When it was my turn, everything went by very quickly. The polite and genuinely nice employee asked me simple questions about where am I from, and why would I like to open a bank account. After submitting the necessary document she informed me, that I will receive my PIN through post.

It might come as a disappointment, but the first letters that you receive from the bank will be in Dutch. Although, they online banking system and app are in English.

After opening a bank account and getting the card, you can process online payments through iDeal – an online banking system.
You can automatically use iDeal if you have a bank account in one of the following banks:

4. Apply for DigiD

Officially DigiD is “an identity management platform which government agencies of the Netherlands, including the Tax and Customs Administration and Dienst Uitvoering Onderwijs, can use to verify the identity of Dutch residents on the Internet. In 2015 it was used for 200 million authentications by 12 million citizens.” (Wikipedia)

I see DigiD as a form of “virtual identity” – since most documents in The Netherlands are shared online, this is your authentication to access them online. You can apply for DigiD online – to do it, you will have to set-up an username and password.
Write them down, as you will need them again after receiving a letter on your home address with an unique code.

The letter is in Dutch, but basically, it tells you to confirm your identity by inserting yor user name and password on their website, and the code you have received in the letter.

You will need DigiD to access all important document – from your health insurance, to your tax information, and other administrative necessities.

Since it takes up to 2 weeks to receive the letter, my advice is to apply for DigiD as soon as you receive your BSN number.

5. Get Insured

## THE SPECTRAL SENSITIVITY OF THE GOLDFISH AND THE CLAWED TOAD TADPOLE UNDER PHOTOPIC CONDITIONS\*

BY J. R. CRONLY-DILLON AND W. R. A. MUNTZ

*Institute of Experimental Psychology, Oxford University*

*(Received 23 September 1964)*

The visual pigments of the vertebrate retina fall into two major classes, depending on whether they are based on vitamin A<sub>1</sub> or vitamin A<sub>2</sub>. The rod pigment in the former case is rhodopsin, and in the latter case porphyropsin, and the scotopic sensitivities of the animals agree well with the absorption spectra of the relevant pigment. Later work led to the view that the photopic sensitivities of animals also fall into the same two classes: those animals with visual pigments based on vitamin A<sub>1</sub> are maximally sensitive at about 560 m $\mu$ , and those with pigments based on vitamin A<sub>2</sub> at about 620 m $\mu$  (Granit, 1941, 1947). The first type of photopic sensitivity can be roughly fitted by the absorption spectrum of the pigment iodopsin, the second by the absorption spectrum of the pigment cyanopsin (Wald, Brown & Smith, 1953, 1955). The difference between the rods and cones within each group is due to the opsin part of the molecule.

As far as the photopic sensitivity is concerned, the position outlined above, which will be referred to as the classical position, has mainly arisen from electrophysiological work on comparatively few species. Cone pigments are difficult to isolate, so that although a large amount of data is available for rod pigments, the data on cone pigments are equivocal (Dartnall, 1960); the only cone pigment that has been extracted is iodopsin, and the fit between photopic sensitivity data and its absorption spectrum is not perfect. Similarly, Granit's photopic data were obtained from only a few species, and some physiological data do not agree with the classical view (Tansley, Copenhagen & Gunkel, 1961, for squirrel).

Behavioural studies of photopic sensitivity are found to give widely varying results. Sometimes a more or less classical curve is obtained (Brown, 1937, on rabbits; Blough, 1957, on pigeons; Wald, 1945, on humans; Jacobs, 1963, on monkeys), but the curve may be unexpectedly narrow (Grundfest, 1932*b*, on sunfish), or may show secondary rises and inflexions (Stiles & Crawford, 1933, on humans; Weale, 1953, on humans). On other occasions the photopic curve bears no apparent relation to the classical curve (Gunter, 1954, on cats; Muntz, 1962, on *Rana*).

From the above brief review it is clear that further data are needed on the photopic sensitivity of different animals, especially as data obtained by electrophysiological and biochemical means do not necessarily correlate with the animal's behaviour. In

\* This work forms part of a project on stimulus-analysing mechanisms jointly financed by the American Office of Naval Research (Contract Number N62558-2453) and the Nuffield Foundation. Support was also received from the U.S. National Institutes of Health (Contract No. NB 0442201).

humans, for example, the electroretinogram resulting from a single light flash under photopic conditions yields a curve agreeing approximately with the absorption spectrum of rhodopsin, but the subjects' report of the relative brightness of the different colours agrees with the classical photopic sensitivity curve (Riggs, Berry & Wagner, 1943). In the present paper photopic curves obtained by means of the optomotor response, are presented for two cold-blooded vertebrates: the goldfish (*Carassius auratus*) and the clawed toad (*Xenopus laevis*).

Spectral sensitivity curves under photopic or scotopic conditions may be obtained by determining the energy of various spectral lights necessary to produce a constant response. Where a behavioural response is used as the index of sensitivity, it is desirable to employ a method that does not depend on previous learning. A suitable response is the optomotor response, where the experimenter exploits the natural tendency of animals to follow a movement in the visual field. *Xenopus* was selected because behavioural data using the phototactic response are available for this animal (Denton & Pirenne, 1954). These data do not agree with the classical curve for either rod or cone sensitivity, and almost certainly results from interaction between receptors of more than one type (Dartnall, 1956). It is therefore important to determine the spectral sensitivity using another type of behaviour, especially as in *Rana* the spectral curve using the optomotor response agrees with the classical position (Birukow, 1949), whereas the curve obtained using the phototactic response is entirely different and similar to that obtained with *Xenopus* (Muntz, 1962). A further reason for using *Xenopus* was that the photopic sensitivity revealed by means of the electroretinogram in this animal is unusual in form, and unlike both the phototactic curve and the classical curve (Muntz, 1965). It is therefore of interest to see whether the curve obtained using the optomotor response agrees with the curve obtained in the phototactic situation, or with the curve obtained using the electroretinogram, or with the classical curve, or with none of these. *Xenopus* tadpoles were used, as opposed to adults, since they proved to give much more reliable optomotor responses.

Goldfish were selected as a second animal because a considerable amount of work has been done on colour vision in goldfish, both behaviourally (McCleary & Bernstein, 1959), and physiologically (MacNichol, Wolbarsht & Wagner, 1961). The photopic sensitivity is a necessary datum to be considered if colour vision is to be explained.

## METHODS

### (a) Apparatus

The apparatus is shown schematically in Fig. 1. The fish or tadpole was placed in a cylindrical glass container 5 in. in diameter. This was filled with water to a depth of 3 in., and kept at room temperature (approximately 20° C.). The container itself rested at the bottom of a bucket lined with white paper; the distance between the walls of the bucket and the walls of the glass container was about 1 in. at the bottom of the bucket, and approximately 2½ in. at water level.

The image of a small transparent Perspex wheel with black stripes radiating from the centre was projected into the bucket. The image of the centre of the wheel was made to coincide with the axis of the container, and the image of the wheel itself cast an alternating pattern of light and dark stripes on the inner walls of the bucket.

By Dutch law everyone who lives in The Netherlands and/or is receiving an income in The Netherlands must have health insurance from this country.

This is for your benefit and gives you the right to go to the doctor and get help when you need it. Nonetheless, many residents of EU (including me) found it odd, as in some other European states the health insurance from your country (with the additional insurance for abroad) is usually enough.

This does not apply to The Netherlands, and the sooner you make peace with it, the better.

The insurance is obligatory, and if you do not apply for it in the period of 3 months, you could be contacted by the government, and at the end you could also get a fine.

Another fact that you should be aware of is, that you need to pay for the insurance from the moment you registered. Therefore, even if you apply for the insurance after 2 months of living in The Netherlands, the first bill will include the amount for the previous two months as well.

Just be prepared for it, and you will be fine.

There is a really good site, where you can read more about the insurance system in The Netherlands, and compare the different insurance companies – it is called Zorgverzekering.

Good to know:

  • Even when you are insured, you have to pay for your treatment until the pre-agreed amount, which is usually 385€.
    Carefully read all the terms and conditions of each insurance – if the monthly premium is low, you might have a higher limit!
  • You can change your insurance only once a year – at the end of the year, therefore carefully choose the insurance and get as much information as possible before deciding for one provider. I would highly recommend calling them earlier to get a feel of their customer service.
  • The basic insurance costs around 100€ and covers only the basic needs – get to know what your insurance covers, before you get distracted by the low cost.
  • If your monthly income is low, you can check if you are eligible to get Healthcare Allowance. The amount of the allowance depends on your income – you can see how much would you be able to get here and calculate it on this website. (Both sites are in Dutch) You can click here to apply.

After completing this list you can finally breathe…Or celebrate! You are now  officially living in Amsterdam!

Do you have any questions?
Do not hesitate to leave a comment or contact me here!